Heavy groundbaiting is usually carried out with a large amount of breadcrumb as groundbait, either brown or white. I personally have never found any difference in either colour though brown has a more prominent smell to us as humans and there may be truth in the possibility that a carpet of white groundbait scares fish as they feel exposed as they feed over it as they show up against it to predators. Therefor I must admit, given the choice, I plump for brown. I have fished several waters for bream and tench over the years and have used heavy groundbaiting techniques on all of them successfully so I think although it may not be as ‘sexy’ as some of the in vogue methods borrowed from carp fishing, it is one that will, if done thoroughly, produce the results.

Depending on the size of water and the amount of fishing we can do, will depend on the amount of groundbait we buy. It is cheaper to buy in bulk so if 25kg bags can be purchased it is better. This can then be broken down to smaller bags if necessary. As long as sacks are kept away from damp and mice they will last indefinitely. I always mix my groundbait at the waterside and always with lake water. Without doubt tap water is different to lake water and the fish can tell the difference.

The first thing upon arrival at the swim is to locate the feature we plan to fish, a gravel bar or plateau perhaps. This is done with a marker float and the float, once in position, will be the target we use to introduce the groundbait. Presuming the feature is within 80 yards of the bank we can put the groundbait in by catapult. The balls of groundbait should be around the size of an orange, smaller if the distance is getting on for 80 yards or it is windy, but they must be all the same size.

I use a medium size bucket to mix the groundbait in and introduce around 5kg of dry breadcrumb; I then slowly add lake water to this to get the right consistency. It should be stiff enough to survive the flight but soft enough to break up quickly on the bottom of the lake. Once the mix is the right consistency and still in a loose mix I add whatever loose bait I want to introduce, laced-in to the groundbait. Maggots are the obvious choice but lively ones will break up the ball in flight so half dead or dead ones are better. Sweetcorn is good, as is hemp. I like to go one better and add grains of boiled rice as well. This is sticky and if left damp begins to ‘go off’ a bit and mixes with the groundbait well. Bream love rice, it really holds them well in a swim as they search out each grain. I even used them as hookbait for a while, around 15 on a size 10 but found it was not necessary, the other rod baited with corn produced just as many bream.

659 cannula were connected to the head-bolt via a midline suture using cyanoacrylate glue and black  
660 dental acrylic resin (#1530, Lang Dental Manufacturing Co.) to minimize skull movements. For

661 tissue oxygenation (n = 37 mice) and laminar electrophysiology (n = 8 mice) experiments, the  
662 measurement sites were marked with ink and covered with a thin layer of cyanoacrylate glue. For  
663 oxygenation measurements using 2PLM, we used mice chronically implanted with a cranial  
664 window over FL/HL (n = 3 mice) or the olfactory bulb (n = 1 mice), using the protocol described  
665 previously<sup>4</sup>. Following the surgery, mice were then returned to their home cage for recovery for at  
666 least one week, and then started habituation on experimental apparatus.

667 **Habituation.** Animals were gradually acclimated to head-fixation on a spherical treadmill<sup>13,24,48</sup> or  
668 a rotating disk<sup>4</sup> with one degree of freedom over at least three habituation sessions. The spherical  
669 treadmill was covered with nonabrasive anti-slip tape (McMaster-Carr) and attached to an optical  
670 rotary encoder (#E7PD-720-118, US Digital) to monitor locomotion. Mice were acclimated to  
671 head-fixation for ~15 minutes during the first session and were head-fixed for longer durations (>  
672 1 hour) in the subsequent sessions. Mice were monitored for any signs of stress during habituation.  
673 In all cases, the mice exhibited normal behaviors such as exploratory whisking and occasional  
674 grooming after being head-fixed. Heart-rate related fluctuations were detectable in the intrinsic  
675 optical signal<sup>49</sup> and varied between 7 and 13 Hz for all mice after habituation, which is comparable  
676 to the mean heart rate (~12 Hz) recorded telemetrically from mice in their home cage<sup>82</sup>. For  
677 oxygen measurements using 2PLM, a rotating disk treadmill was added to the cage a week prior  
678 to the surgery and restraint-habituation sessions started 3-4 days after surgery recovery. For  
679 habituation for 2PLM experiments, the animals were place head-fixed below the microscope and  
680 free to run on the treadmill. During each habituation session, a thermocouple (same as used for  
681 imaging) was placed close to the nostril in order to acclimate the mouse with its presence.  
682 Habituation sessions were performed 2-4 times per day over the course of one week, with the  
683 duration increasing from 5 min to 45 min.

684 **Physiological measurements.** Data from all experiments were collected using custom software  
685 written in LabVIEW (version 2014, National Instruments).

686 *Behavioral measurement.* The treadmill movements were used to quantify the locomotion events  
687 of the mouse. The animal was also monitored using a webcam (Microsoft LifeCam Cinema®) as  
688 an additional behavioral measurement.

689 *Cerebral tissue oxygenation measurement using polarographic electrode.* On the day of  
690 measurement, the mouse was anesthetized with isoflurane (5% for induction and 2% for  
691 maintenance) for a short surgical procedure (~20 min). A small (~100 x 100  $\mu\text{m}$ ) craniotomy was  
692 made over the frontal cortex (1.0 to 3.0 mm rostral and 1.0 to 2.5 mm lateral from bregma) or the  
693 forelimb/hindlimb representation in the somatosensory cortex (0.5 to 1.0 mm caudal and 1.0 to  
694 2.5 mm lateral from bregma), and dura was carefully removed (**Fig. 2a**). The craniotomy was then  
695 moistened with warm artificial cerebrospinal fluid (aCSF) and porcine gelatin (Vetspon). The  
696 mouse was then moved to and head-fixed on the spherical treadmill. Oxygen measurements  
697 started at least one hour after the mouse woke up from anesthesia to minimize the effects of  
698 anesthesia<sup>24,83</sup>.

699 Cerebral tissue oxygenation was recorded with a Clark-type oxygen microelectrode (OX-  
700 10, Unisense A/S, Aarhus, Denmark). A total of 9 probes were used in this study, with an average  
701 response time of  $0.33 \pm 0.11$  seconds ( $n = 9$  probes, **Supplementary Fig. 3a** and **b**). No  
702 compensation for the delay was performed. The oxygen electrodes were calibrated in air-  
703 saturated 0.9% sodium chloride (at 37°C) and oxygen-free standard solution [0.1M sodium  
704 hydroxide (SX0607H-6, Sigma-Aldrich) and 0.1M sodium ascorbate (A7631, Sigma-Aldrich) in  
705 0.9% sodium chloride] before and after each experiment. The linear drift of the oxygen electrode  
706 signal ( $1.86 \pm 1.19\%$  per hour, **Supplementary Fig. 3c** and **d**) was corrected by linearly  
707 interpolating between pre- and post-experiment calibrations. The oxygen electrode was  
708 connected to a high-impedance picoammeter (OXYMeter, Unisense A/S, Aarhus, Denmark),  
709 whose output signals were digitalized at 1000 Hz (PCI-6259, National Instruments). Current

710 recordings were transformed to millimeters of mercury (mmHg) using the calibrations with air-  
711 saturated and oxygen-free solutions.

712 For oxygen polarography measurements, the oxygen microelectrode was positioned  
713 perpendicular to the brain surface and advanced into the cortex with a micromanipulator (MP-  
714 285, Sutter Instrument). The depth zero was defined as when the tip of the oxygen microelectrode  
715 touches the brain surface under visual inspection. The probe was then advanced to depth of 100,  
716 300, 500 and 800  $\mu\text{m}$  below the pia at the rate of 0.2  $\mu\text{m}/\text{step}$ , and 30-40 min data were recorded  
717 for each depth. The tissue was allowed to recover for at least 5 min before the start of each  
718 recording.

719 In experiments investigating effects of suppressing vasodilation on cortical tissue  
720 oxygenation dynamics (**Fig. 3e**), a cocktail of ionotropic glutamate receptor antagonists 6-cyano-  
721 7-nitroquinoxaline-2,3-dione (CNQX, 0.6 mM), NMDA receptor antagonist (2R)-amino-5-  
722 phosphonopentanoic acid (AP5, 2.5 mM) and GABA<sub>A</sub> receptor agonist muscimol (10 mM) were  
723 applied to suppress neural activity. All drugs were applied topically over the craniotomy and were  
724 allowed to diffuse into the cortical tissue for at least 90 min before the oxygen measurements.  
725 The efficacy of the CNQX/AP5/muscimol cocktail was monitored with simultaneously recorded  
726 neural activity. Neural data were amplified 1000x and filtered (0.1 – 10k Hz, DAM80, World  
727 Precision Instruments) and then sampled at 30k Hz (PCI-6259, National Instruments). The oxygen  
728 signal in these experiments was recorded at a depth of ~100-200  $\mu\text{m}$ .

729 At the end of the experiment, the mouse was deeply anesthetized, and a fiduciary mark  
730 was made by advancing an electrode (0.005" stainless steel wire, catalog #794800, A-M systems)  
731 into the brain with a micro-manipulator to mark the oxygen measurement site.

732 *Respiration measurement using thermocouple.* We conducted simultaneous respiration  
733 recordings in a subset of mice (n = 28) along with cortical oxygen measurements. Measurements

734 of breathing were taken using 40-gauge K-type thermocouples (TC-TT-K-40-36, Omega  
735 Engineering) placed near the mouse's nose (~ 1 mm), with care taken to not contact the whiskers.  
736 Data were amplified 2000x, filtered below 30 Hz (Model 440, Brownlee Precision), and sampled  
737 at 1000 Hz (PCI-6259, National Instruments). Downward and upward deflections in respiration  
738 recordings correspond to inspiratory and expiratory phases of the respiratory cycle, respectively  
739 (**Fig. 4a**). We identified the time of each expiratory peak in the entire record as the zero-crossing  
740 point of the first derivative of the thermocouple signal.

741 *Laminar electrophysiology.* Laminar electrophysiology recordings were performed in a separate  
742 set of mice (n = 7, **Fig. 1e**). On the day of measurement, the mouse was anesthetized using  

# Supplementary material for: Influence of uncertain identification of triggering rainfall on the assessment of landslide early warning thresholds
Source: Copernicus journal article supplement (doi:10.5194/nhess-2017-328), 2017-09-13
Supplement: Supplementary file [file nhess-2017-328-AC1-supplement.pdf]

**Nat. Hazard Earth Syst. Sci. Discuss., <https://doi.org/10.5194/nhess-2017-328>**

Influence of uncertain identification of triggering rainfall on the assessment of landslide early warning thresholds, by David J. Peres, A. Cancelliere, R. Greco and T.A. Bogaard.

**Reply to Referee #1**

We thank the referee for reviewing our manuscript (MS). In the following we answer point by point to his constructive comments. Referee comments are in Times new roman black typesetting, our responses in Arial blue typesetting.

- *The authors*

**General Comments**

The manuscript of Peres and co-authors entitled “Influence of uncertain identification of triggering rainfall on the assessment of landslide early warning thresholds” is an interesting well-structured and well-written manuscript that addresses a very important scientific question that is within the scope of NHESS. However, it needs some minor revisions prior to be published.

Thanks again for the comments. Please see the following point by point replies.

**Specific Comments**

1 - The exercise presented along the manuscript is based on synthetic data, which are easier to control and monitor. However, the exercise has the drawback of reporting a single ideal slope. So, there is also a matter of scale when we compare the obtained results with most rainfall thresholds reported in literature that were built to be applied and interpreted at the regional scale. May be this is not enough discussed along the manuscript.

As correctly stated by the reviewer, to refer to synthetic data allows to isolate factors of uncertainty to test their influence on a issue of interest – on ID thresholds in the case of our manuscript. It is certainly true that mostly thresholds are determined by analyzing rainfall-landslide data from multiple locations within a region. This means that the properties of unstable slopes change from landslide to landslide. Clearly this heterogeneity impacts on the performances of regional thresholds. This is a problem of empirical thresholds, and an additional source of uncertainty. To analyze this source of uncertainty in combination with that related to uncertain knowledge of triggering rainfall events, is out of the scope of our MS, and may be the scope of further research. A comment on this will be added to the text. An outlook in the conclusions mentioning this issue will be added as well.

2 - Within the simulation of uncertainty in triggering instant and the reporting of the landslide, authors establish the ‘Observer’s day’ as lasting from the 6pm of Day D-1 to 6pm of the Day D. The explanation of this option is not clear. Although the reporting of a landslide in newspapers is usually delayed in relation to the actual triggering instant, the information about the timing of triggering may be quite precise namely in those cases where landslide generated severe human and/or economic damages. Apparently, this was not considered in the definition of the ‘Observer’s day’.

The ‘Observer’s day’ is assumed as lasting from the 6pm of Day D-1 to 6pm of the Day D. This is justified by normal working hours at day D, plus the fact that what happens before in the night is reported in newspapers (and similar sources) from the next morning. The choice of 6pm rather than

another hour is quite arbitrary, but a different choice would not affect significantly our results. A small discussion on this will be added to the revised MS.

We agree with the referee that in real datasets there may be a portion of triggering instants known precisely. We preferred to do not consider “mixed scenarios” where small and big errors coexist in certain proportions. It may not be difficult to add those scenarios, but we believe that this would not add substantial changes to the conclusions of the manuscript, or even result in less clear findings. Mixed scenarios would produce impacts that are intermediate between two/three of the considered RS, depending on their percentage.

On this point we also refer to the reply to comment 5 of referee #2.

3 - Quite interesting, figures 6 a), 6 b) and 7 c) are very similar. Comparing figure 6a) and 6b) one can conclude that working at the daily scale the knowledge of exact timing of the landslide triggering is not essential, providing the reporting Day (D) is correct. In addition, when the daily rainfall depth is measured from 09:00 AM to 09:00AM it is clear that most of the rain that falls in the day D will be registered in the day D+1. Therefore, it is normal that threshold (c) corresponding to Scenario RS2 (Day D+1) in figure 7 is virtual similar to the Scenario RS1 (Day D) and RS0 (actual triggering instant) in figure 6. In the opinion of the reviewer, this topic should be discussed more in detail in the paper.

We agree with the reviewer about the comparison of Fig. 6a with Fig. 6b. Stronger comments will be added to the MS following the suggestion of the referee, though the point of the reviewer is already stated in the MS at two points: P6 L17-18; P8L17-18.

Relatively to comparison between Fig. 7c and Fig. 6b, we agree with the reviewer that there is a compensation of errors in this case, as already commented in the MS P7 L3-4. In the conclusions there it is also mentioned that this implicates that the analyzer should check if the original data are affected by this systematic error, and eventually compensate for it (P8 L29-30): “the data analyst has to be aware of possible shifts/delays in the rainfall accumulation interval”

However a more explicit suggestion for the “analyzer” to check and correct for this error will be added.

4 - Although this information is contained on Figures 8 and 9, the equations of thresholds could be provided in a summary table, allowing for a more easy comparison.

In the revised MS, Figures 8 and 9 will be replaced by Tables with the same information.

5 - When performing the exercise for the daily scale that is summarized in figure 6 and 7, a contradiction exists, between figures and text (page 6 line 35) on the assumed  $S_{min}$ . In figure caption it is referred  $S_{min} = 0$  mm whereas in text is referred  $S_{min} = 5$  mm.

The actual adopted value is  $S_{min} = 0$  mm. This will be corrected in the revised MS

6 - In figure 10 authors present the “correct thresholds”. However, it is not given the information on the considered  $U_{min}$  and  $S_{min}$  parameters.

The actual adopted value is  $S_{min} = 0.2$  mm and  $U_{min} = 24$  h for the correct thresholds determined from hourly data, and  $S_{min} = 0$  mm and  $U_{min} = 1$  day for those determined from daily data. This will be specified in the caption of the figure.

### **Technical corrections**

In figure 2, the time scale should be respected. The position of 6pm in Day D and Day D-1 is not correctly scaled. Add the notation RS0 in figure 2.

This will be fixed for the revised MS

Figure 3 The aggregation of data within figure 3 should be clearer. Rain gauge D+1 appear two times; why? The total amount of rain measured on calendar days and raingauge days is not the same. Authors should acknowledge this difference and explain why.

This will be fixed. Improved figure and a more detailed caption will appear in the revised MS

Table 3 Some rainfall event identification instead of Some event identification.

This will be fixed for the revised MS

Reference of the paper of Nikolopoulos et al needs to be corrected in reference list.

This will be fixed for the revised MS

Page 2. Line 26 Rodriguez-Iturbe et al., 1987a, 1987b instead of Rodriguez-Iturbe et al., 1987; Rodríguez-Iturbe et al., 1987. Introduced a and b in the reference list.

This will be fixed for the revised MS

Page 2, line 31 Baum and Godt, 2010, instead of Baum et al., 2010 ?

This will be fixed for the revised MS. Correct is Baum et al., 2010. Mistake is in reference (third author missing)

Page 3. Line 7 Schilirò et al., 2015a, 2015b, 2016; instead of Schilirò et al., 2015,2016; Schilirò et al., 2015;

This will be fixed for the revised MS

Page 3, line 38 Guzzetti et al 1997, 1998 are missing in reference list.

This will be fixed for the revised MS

Mix the loose feed with the groundbait and squeeze up the balls well and uniformly. I make up 10 or so at a time. This means when catapulting them out you can keep in a rhythm firing them out, pulling the catapult back the same distance and at the same angle every time. If you pause each time to make up another ball the accuracy goes haywire.

For a night session I start with around 20 balls and wait a few hours, at dusk I introduce another 10 balls. Do not put every ball right on top of the marker float. Spread them around a few yards, right and left. This area is fished with two rods, there is no point baiting up two areas as that will only split the feeding area. For rigs I use a big, open-ended feeder stuffed full of everything, plugged with groundbait at each end. The reason I use feeders is because it gives a big casting weight for distance and accuracy. Also the feeder acts as a small feeding area in itself, like the method feeder; bream home in on the splash even if they are already feeding and the little pile of bait it introduces is always inspected. Short hooklinks ensure the hookbait is right in amongst the loose feed. The feeder also gives a bit of resistance when the hookbait is taken, a sort of bolt rig.

Feeding bream do not move far when feeding as there is a lot of food in the groundbait patch so a bite-off or swallowed hook is common and undesirable, so a bit of resistance to make the bream move gives a good unmissable bite and a lip hooked fish. Hookbaits - I like using a big ball of maggots, as long as there are not too many small fish, or sweetcorn.

A lot of serious bream and tench anglers use double hook rigs and biggish leads. Do not be too hoodwinked by this, double hook rigs do not cast well, are prone to tangle and if they do not land neatly on the bottom, can cause all manner of problems. So, how do they do it then? Simple, the rigs are rowed out in a boat and dropped off on to the baited area. Which is fine if we are on such a water where this is allowed, own a boat, and fish with someone else. However I am writing for the average angler so a feeder with a single hook is a better option.

This does not mean that we will catch less - just be thorough and accurate with your groundbaiting and with your casting and the results will come. Quite often big bream will not play ball on the first night of a session so it is a good idea to do a second night. Again, bait heavily despite no action the first night, the bream will have seen the baited area and had a small feed the first night but will visit it to feed heavily on the second. This has happened to me so often I am convinced this is what happens. Of course if you fish the same spot every weekend then the bream eventually will be waiting and action will come both nights.

With bream getting bigger and the first 20lb bream on the cards, bream will become a more targeted species, no longer having the 'slimy dustbin lid with no fight' tag. A big bream does fight and is not slimy; it is though the size of a dustbin lid!

Have fun!